Under normal circumstances, it can be frightening for immigrants to ask for help. A language barrier and fears of deportation – even without cause – are major deterrents. Now add in a global pandemic and a resource shutdown.
To respond to this need, Catholic Charities’ Esperanza Center has instituted a dedicated, large-scale hotline to provide answers and resources for non-English-speaking individuals in Baltimore City, and Baltimore and Anne Arundel Counties.
The hotline is funded through a grant from the Baltimore Community Foundation, and operated in partnership with Johns Hopkins’ Centro Sol. This strong coalition will allow more people to receive vital information from the Esperanza Center. If the center cannot address a concern directly, its staff can connect the caller to other resources, services or organizations.
The center, whose health clinic and several other services are operating by teleconference, had not received a heavy load of COVID-19-related questions when it launched the hotline. But Program Director Matthew Dolamore said he expected that to change quickly – and the emergence of symptoms will likely coincide with high unemployment and a mounting sense of anxiety.
“We’re talking about a largely uninsured population. The only option, other than us, is really the emergency departments,” Dolamore said. “We don’t want to overwhelm an already overwhelmed health system with folks who don’t need to be there.”
The hotline is part of the center’s agile and innovative response to a challenging moment in health care. Beginning on March 17, Esperanza moved to a remote-care model, using a dedicated phone line to receive all patient calls and direct them appropriately – whether they needed to speak with a clinician, refill prescriptions, check on lab tests, or manage paperwork.
The center will maintain that line, but anticipates a growing focus on the coronavirus. Dolamore explained that the trust Esperanza has earned within the local immigrant community, the bilingual capacity of its staff, and its close relationships with Johns Hopkins position it uniquely to provide support.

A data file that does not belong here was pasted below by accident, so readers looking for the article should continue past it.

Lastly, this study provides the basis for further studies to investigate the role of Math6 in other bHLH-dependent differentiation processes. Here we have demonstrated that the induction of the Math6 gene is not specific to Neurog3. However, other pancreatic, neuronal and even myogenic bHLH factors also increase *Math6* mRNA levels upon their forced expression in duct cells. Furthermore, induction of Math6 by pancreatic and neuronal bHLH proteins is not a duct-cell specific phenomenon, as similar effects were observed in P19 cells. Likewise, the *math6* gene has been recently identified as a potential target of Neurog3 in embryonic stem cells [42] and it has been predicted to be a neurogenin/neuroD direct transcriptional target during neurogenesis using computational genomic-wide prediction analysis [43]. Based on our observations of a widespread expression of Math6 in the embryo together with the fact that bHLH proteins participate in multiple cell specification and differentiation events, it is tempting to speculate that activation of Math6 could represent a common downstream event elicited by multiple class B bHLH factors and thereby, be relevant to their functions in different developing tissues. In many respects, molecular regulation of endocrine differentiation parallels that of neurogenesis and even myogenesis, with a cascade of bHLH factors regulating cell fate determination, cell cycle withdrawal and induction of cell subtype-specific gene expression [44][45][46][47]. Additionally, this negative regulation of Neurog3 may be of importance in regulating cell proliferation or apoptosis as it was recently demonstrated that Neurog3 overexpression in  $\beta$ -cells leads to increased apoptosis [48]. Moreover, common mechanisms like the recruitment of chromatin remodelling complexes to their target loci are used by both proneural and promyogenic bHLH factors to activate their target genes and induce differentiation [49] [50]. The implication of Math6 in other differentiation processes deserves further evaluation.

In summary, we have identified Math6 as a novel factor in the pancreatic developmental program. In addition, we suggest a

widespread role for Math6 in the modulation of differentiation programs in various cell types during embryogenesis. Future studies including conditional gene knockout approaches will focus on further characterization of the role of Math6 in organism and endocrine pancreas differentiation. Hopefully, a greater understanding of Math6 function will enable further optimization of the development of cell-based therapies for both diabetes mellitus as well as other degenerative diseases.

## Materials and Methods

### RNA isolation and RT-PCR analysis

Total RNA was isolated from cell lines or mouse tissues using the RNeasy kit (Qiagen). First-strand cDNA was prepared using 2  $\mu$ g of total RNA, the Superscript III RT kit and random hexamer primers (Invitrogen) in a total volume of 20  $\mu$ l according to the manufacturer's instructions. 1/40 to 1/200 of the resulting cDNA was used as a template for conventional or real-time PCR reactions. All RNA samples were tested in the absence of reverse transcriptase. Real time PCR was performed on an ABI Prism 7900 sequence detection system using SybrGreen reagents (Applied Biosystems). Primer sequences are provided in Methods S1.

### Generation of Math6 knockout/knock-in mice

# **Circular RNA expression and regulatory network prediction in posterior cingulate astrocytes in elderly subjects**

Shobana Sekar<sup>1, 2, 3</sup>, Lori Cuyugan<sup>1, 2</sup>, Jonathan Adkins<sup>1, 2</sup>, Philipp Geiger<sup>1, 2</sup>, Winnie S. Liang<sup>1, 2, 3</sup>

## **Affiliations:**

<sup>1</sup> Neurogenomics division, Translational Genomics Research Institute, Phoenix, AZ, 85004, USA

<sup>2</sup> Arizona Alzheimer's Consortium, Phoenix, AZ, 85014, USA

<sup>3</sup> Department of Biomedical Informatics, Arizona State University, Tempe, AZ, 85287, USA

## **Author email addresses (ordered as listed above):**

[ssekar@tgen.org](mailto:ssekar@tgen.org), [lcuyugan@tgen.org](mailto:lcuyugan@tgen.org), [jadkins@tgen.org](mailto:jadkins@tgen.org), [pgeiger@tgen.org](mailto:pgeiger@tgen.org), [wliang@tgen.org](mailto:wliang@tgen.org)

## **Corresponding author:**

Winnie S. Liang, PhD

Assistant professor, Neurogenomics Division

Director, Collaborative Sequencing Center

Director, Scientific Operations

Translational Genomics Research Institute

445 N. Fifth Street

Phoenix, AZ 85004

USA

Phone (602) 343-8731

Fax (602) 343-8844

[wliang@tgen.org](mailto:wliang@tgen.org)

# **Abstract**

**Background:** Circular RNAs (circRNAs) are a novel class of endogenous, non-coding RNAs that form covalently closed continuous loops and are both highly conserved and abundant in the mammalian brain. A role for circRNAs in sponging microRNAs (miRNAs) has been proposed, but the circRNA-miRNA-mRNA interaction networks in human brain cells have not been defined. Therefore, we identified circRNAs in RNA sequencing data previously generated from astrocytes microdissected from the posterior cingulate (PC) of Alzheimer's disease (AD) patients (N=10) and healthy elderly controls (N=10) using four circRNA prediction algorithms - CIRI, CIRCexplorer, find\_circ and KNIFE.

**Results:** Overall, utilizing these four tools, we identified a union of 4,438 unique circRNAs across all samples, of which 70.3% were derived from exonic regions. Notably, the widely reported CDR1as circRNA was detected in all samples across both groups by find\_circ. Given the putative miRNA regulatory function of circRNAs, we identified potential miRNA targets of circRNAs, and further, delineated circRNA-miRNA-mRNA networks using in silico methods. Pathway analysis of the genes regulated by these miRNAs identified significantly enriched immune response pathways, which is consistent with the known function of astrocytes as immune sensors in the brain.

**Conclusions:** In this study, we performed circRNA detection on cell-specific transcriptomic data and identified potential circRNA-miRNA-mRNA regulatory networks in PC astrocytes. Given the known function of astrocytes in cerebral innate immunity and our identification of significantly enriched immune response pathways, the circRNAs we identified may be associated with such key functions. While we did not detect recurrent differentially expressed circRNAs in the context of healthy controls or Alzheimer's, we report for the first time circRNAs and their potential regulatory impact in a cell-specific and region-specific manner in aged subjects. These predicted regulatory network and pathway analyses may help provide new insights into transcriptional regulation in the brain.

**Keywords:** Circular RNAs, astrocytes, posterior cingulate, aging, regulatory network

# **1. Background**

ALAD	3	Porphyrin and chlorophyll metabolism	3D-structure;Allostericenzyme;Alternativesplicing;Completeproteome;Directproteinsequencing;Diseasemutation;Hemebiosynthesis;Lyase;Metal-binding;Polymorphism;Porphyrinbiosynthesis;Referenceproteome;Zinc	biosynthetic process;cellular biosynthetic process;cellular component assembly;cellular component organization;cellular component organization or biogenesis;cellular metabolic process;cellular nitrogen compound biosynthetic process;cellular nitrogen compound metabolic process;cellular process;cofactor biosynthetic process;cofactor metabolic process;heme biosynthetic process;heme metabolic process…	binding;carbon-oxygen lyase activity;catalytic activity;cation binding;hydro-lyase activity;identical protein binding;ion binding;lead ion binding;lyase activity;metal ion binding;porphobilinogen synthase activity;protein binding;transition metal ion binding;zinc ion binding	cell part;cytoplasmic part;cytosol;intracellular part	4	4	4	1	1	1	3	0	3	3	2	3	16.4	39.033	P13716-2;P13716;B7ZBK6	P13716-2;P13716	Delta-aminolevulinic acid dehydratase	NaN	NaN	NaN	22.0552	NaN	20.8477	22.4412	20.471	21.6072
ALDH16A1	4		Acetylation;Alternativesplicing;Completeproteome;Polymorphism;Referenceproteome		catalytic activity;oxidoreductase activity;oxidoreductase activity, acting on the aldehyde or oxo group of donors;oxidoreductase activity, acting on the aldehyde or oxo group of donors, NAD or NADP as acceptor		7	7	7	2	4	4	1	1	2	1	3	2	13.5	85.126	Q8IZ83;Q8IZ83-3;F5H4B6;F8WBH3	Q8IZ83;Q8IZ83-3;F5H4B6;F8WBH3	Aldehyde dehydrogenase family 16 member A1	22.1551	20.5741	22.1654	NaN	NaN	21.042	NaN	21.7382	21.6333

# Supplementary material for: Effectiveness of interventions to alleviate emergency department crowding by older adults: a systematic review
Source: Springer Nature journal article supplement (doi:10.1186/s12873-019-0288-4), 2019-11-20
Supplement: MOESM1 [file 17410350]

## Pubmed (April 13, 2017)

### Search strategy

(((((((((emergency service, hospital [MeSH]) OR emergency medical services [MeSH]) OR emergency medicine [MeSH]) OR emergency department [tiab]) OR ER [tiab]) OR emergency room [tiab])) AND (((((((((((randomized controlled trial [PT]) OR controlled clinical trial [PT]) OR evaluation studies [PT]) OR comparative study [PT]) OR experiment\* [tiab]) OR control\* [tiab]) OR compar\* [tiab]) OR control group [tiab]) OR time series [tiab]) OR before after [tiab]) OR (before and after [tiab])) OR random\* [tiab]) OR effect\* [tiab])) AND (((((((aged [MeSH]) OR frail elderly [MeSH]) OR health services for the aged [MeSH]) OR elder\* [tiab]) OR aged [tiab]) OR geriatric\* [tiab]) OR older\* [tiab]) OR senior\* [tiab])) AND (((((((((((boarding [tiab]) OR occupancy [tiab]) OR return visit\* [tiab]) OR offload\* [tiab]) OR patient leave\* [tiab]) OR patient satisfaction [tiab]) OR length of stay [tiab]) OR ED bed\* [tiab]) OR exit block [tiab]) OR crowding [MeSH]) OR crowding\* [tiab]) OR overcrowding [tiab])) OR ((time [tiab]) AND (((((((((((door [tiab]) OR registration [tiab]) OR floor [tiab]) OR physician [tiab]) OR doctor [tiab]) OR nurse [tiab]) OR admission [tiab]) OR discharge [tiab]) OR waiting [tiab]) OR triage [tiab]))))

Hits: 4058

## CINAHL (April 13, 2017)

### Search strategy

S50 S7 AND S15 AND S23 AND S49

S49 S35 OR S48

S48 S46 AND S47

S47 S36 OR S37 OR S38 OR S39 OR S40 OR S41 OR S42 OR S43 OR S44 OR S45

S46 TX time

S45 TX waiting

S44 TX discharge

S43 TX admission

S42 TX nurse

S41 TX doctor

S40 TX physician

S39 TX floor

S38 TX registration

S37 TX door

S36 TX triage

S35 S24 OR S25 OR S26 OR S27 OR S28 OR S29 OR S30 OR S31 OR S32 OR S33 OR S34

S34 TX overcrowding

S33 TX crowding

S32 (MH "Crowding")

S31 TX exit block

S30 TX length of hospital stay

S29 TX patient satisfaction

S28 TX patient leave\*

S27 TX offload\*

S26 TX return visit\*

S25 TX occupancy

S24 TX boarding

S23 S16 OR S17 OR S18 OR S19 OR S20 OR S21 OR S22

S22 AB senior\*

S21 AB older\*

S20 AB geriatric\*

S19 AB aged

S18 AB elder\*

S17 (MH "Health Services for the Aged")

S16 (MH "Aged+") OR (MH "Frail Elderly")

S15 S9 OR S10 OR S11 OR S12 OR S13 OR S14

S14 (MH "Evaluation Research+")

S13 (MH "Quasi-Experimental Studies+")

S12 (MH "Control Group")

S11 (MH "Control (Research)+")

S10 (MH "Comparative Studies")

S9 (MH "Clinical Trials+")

“We’re expecting there to be a fairly high volume related to COVID-19 questions, and we’re fairly certain the information received in Spanish is limited.”
All Esperanza Center programs are able to serve any non-English speaking New American using a language line service. There will also be a list of volunteer interpreters who speak various languages.
The Esperanza team is also unusually well positioned to work remotely. Following a massive fire next to its Fells Point site in September 2018, the center scrambled to reestablish its services in new ways and new locations. Most staff members now have laptops, and have been able to work from home during the pandemic response.
The hotline itself is modeled on call centers Catholic Charities uses to support senior services and human resources, said Mike Gross, the agency’s chief of information technology.
The technological framework became possible only after Catholic Charities moved a few years ago from a patchwork of phone systems to an integrated cloud-based system that can expand quickly to respond to pressing needs. Staff can answer and triage calls from their homes as long as they have an internet connection.
“The decisions and investments the agency made about four years ago are what allow us to come to scale in this way,” Gross said.
The hotline number is 667-600-2314.